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Bandwidth-Efficient Digital Modulation with Application to Deep-Space Communications

ISBN: 978-0-471-44536-4
232 pages
February 2003
Bandwidth-Efficient Digital Modulation with Application to Deep-Space Communications (0471445363) cover image
An important look at bandwidth-efficient modulations with applications to today's Space program

Based on research and results obtained at the California Institute of Technology's Jet Propulsion Laboratory, this timely book defines, describes, and then delineates the performance (power and bandwidth) of digital communication systems that incorporate a wide variety of bandwidth-efficient modulations appropriate for the design and implementation of space communications systems.

The author compares the performance of these systems in the presence of a number of practical (non-ideal) transmitter and receiver characteristics such as modulator and phase imbalance, imperfect carrier synchronization, and transmitter nonlinearity. Although the material focuses on the deep space applications developed at the Jet Propulsion Laboratory, the presentation is sufficiently broad as to be applicable to a host of other applications dealing with RF communications.

An important contribution to the scientific literature, Bandwidth-Efficient Digital Modulation with Application to Deep Space Communications
* was commissioned by the JPL Deep Space Communications and Navigation System Center of Excellence
* highlights many NASA-funded technical contributions pertaining to deep space communications systems
* is a part of the prestigious Deep Space Communications and Navigation Series

The Deep Space Communications and Navigation Series is authored by scientists and engineers with extensive experience in astronautics, communications, and related fields. It lays the foundation for innovation in the areas of deep space navigation and communications by disseminating state-of-the-art knowledge in key technologies.
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Foreword.

Preface.

Chapter 1: Introduction.

Chapter 2: Constant Envelope Modulations.

2.1 The Need for Constant Envelope.

2.2 Quadriphase-Shift-Keying and Offset (Staggered) Quadriphase-Shift-Keying.

2.3 Differentially Encoded QPSK and Offset (Staggered) QPSK.

2.4 /4-QPSK: A Variation of Differentially Encoded QPSK with Instantaneous Amplitude Fluctuation Halfway between That of QPSK and OQPSK.

2.5 Power Spectral Density Considerations.

2.6 Ideal Receiver Performance.

2.7 Performance in the Presence of  Nonideal Transmitters.

2.7.1 Modulator Imbalance and Amplifier Nonlinearity.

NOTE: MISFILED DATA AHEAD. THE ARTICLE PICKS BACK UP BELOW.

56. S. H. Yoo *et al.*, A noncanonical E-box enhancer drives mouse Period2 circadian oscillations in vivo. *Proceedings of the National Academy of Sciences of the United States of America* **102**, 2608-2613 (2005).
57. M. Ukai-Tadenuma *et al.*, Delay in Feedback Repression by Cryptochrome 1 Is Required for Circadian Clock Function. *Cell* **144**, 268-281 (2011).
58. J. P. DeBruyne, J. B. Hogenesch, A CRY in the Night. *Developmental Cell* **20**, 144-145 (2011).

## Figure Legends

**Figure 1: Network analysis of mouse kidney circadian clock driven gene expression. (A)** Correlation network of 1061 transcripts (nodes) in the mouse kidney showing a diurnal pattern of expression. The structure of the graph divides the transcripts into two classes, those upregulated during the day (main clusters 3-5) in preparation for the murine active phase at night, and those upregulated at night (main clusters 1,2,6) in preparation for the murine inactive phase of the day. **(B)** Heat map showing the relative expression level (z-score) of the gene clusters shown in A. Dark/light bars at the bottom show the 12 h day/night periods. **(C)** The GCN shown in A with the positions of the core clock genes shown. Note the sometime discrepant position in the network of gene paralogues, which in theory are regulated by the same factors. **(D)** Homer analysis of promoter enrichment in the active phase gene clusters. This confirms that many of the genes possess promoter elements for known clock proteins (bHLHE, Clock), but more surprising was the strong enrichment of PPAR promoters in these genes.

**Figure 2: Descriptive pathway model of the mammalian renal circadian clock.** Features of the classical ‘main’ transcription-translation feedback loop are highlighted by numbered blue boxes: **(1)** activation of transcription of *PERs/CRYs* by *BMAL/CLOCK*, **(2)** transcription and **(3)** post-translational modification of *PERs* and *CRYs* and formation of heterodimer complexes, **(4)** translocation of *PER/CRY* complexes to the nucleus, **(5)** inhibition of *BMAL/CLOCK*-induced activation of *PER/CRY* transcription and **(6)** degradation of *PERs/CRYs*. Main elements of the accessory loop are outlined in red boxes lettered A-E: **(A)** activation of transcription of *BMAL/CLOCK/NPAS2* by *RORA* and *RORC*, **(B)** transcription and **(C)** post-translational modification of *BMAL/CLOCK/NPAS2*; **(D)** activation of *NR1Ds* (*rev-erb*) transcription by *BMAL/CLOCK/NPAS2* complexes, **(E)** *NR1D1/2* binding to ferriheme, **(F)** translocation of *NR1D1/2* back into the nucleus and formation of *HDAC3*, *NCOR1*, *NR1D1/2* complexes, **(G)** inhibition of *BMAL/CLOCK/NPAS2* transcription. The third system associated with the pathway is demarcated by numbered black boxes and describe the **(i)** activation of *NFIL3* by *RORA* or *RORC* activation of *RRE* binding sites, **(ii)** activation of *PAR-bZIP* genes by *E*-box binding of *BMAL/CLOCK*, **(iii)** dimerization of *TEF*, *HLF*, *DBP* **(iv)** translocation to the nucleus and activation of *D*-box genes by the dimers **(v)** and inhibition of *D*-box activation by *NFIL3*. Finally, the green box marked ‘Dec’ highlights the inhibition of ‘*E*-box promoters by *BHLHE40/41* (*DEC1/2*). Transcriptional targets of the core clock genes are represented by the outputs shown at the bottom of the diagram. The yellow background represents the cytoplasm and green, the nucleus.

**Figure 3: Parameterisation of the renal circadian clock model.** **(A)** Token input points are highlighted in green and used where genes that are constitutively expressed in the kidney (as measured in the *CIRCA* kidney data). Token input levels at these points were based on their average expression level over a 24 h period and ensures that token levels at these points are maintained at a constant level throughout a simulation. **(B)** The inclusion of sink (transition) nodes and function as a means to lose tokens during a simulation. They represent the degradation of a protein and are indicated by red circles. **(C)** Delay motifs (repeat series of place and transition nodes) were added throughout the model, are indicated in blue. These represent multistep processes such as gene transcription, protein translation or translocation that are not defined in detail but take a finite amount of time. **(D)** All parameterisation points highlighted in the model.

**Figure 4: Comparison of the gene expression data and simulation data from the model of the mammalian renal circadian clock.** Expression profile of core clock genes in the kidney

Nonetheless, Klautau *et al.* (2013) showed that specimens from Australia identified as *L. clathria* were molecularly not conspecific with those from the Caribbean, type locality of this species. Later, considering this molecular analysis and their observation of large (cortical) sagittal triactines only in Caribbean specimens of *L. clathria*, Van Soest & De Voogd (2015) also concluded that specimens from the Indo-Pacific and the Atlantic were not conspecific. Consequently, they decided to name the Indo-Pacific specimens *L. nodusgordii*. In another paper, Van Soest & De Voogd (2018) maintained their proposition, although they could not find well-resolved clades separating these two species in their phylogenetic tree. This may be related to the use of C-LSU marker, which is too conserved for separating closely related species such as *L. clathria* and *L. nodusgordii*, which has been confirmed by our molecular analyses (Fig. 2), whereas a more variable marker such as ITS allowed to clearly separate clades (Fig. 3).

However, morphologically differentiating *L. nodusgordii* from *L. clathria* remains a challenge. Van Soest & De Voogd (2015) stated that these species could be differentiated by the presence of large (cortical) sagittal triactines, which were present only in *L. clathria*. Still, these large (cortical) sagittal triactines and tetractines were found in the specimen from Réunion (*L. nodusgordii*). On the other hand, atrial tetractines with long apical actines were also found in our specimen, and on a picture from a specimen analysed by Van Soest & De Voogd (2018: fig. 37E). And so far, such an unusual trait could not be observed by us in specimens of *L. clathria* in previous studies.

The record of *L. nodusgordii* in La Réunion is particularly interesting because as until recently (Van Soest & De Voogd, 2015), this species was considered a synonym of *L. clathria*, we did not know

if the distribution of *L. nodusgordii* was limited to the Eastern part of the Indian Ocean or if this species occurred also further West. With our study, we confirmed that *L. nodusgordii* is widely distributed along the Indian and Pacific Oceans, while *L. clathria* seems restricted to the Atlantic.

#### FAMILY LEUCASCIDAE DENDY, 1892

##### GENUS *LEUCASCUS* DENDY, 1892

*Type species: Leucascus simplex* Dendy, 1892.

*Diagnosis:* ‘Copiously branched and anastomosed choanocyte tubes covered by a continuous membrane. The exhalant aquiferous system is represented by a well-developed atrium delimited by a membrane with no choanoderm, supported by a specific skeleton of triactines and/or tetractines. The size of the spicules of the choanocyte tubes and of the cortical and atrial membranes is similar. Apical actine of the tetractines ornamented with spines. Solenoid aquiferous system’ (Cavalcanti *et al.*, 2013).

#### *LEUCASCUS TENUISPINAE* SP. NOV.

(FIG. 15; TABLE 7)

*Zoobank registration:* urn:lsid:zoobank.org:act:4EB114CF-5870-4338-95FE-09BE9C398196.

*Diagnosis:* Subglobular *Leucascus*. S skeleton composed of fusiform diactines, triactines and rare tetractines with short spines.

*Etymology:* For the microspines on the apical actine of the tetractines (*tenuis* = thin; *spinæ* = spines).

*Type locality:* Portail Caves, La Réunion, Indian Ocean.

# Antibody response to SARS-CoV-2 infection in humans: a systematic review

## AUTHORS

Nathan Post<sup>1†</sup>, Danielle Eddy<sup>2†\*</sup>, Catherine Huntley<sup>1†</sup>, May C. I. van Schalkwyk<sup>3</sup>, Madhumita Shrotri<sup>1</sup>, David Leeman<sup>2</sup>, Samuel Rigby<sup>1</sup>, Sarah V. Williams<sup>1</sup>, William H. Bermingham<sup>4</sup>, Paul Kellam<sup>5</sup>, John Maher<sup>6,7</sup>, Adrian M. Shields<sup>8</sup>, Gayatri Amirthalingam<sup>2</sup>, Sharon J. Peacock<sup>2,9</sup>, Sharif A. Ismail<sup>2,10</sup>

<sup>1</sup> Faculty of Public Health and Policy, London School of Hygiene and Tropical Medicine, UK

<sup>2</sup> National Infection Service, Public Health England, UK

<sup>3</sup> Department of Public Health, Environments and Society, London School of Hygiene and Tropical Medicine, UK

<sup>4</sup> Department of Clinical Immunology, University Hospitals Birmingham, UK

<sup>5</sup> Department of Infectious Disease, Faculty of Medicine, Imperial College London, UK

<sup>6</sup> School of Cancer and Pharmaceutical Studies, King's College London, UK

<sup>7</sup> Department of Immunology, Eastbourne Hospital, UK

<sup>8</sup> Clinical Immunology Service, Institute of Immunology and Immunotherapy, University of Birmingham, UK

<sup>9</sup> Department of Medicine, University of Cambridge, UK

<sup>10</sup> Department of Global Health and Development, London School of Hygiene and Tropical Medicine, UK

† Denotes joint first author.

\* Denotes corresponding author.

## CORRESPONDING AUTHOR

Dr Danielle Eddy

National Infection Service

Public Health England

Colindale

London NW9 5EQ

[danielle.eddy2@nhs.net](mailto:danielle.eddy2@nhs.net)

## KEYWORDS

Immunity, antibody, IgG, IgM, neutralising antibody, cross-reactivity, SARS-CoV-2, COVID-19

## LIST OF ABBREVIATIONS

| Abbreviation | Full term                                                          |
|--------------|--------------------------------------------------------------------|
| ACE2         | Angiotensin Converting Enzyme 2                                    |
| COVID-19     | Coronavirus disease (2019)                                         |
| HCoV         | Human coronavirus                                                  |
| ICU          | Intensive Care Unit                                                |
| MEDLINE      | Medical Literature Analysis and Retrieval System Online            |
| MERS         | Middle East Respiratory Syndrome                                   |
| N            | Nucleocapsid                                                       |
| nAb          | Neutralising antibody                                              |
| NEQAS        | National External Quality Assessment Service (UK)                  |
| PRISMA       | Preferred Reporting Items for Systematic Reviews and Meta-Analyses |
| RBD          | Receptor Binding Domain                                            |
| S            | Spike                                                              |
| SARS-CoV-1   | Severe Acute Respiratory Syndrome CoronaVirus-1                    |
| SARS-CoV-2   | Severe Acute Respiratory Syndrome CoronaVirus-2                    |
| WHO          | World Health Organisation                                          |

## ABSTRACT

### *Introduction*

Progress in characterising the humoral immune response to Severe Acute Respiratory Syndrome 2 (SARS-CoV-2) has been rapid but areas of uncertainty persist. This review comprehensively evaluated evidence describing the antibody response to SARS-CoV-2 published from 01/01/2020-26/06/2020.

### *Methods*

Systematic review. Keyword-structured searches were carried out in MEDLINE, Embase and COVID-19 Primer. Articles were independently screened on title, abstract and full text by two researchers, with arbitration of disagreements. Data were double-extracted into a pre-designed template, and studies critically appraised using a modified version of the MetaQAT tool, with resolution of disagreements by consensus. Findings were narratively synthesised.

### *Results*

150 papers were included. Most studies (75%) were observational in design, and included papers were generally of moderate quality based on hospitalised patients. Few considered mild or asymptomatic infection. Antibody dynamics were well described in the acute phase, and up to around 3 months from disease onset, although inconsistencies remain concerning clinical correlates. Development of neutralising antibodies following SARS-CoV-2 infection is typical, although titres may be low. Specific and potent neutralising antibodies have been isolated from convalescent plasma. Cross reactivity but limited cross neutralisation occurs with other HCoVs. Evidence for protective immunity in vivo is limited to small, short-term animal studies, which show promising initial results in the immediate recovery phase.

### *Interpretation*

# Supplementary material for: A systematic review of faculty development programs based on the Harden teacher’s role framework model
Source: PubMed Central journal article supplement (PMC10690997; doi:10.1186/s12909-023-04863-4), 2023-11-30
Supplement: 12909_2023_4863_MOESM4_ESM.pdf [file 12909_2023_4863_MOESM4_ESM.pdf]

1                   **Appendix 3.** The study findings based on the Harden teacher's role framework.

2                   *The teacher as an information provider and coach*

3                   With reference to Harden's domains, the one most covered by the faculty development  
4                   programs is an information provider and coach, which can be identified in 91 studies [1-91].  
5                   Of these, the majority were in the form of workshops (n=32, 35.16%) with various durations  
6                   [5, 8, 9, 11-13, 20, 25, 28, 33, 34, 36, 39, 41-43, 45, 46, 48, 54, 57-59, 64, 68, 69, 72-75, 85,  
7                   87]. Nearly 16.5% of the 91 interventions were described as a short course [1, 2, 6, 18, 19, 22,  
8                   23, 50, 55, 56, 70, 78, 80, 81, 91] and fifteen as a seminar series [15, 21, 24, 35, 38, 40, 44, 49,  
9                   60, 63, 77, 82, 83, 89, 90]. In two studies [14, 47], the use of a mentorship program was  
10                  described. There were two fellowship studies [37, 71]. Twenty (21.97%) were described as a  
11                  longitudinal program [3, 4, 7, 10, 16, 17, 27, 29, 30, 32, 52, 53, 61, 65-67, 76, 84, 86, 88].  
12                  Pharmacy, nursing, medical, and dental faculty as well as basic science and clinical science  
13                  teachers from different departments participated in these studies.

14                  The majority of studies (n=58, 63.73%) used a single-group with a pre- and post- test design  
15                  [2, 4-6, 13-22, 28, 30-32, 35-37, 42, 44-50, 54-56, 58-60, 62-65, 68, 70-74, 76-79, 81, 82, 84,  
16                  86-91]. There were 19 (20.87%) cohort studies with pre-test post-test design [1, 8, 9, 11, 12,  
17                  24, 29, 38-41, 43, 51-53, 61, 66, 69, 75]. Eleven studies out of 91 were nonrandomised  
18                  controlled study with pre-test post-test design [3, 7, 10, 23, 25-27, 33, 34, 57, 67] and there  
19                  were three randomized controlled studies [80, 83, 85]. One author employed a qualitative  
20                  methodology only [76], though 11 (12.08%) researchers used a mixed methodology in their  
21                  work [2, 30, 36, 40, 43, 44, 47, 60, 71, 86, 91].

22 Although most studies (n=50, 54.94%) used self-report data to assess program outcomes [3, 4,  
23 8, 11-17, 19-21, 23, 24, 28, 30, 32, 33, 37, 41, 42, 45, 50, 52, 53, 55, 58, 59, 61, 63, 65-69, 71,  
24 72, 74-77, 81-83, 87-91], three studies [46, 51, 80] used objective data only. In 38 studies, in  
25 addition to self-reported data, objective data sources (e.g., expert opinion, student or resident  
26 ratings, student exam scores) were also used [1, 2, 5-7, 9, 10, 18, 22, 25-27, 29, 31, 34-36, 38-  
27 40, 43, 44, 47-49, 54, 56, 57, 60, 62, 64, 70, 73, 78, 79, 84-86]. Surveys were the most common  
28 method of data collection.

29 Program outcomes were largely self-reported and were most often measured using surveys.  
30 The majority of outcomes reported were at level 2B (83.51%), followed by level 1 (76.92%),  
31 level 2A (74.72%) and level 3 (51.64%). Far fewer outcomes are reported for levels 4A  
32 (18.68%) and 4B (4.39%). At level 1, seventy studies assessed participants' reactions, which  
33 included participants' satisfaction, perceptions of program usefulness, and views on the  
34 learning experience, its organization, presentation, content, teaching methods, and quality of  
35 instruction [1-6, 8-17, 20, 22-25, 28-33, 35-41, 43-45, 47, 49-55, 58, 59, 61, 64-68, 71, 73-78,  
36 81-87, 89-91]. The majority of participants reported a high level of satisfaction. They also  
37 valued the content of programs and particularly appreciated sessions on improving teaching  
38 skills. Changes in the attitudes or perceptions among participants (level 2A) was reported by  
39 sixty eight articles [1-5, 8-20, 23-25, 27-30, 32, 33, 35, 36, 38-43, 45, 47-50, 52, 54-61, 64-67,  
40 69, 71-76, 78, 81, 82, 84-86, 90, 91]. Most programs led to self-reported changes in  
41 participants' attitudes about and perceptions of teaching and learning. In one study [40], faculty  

2.7.2 Data Imbalance.

2.8 Continuous Phase Modulation.

2.8.1 Full Response-MSK and SFSK.

2.8.2 Partial Response-Gaussian MSK.

2.9 Simulation Performance.

References.

Chapter 3: Quasi-Constant Envelope Modulations.

3.1 Brief Review of IJF-QPSK and SQORC and their Relation to FQPSK.

3.2 A Symbol-by-Symbol Cross-Correlator Mapping for FQPSK.

3.3 Enhanced FQPSK.

3.4 Interpretation of FQPSK as a Trellis-Coded Modulation.

3.5 Optimum Detection.

3.6 Suboptimum Detection.

3.6.1 Symbol-by-Symbol Detection.

3.6.2 Average Bit-Error Probability Performance.

3.6.3 Further Receiver Simplifications and FQPSK-B Performance.

3.7 Cross-Correlated Trellis-Coded Quadrature Modulation.

3.7.1 Description of the Transmitter.

3.7.2 Specific Embodiments.

3.8 Other Techniques.

3.8.1 Shaped Offset QPSK.

References.

Chapter 4: Bandwidth-Efficient Modulations with More Envelope Fluctuation.

4.1 Bandwidth-Efficient TCM with Prescribed Decoding Delay-Equal Signal Energie.

4.1.1 ISI-Based Transmitter Implementation.

4.1.2 Evaluation of the Power Spectral Density.

4.1.3 Optimizing the Bandwidth Efficiency.

4.2 Bandwidth-Efficient TCM with Prescribed Decoding Delay-Unequal Signal Energies.

References.

Chapter 5: Strictly Bandlimited Modulations with Large Envelope Fluctuation (Nyquist Signaling).

5.1 Binary Nyquist Signaling.

5.2 Multilevel and Quadrature Nyquist Signaling.

References.

Chapter 6: Summary.

6.1 Throughput Performance Comparisons.

References.

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MARVIN K. SIMON is currently a Senior Research Engineer at the California Institute of Technology’s Jet Propulsion Laboratory, where for the past thirty-four years he has participated in vital research pertaining to the design of NASA’s deep space and near-earth missions. He has published over 170 papers and coauthored ten textbooks on related subjects.
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